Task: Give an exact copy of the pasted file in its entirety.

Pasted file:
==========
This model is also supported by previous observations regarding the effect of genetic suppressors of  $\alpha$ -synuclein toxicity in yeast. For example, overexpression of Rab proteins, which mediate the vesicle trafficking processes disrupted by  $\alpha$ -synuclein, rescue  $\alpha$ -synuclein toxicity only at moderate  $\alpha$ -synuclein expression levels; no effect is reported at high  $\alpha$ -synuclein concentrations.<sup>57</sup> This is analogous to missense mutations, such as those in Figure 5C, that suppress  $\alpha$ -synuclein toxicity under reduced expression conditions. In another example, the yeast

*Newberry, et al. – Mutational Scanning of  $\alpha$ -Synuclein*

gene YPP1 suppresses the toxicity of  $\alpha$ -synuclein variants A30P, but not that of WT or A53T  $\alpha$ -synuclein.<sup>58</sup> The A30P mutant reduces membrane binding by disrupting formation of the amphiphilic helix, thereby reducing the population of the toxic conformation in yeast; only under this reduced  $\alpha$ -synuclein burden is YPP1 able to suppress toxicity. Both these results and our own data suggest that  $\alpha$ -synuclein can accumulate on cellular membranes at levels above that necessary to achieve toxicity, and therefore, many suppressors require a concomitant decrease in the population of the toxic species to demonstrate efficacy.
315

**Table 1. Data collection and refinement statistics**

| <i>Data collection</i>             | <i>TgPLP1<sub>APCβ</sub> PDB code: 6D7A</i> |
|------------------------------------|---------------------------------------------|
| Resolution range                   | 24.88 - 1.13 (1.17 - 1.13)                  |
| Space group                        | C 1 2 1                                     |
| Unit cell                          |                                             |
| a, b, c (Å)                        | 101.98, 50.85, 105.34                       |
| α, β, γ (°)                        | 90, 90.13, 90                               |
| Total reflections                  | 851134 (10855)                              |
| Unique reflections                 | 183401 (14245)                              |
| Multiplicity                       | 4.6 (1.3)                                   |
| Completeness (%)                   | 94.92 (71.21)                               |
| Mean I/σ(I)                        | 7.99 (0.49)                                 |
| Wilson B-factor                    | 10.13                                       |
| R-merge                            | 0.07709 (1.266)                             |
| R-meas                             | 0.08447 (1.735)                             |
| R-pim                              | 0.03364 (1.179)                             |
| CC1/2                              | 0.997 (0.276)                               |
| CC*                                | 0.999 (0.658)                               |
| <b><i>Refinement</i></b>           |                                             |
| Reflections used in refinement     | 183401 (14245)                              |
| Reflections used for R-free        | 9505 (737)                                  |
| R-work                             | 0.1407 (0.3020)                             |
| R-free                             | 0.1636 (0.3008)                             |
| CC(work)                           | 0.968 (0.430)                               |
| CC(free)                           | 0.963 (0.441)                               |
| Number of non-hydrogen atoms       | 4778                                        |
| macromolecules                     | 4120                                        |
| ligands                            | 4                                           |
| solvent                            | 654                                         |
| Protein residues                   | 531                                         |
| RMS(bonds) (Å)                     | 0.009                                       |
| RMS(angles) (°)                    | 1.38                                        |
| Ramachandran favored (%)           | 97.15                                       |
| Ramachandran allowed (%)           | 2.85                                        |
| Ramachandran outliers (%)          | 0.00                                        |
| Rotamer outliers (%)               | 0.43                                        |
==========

This model is also supported by previous observations regarding the effect of genetic suppressors of  $\alpha$ -synuclein toxicity in yeast. For example, overexpression of Rab proteins, which mediate the vesicle trafficking processes disrupted by  $\alpha$ -synuclein, rescue  $\alpha$ -synuclein toxicity only at moderate  $\alpha$ -synuclein expression levels; no effect is reported at high  $\alpha$ -synuclein concentrations.<sup>57</sup> This is analogous to missense mutations, such as those in Figure 5C, that suppress  $\alpha$ -synuclein toxicity under reduced expression conditions. In another example, the yeast

*Newberry, et al. – Mutational Scanning of  $\alpha$ -Synuclein*

gene YPP1 suppresses the toxicity of  $\alpha$ -synuclein variants A30P, but not that of WT or A53T  $\alpha$ -synuclein.<sup>58</sup> The A30P mutant reduces membrane binding by disrupting formation of the amphiphilic helix, thereby reducing the population of the toxic conformation in yeast; only under this reduced  $\alpha$ -synuclein burden is YPP1 able to suppress toxicity. Both these results and our own data suggest that  $\alpha$ -synuclein can accumulate on cellular membranes at levels above that necessary to achieve toxicity, and therefore, many suppressors require a concomitant decrease in the population of the toxic species to demonstrate efficacy.
315

**Table 1. Data collection and refinement statistics**

| <i>Data collection</i>             | <i>TgPLP1<sub>APCβ</sub> PDB code: 6D7A</i> |
|------------------------------------|---------------------------------------------|
| Resolution range                   | 24.88 - 1.13 (1.17 - 1.13)                  |
| Space group                        | C 1 2 1                                     |
| Unit cell                          |                                             |
| a, b, c (Å)                        | 101.98, 50.85, 105.34                       |
| α, β, γ (°)                        | 90, 90.13, 90                               |
| Total reflections                  | 851134 (10855)                              |
| Unique reflections                 | 183401 (14245)                              |
| Multiplicity                       | 4.6 (1.3)                                   |
| Completeness (%)                   | 94.92 (71.21)                               |
| Mean I/σ(I)                        | 7.99 (0.49)                                 |
| Wilson B-factor                    | 10.13                                       |
| R-merge                            | 0.07709 (1.266)                             |
| R-meas                             | 0.08447 (1.735)                             |
| R-pim                              | 0.03364 (1.179)                             |
| CC1/2                              | 0.997 (0.276)                               |
| CC*                                | 0.999 (0.658)                               |
| <b><i>Refinement</i></b>           |                                             |
| Reflections used in refinement     | 183401 (14245)                              |
| Reflections used for R-free        | 9505 (737)                                  |
| R-work                             | 0.1407 (0.3020)                             |
| R-free                             | 0.1636 (0.3008)                             |
| CC(work)                           | 0.968 (0.430)                               |
| CC(free)                           | 0.963 (0.441)                               |
| Number of non-hydrogen atoms       | 4778                                        |
| macromolecules                     | 4120                                        |
| ligands                            | 4                                           |
| solvent                            | 654                                         |
| Protein residues                   | 531                                         |
| RMS(bonds) (Å)                     | 0.009                                       |
| RMS(angles) (°)                    | 1.38                                        |
| Ramachandran favored (%)           | 97.15                                       |
| Ramachandran allowed (%)           | 2.85                                        |
| Ramachandran outliers (%)          | 0.00                                        |
| Rotamer outliers (%)               | 0.43                                        |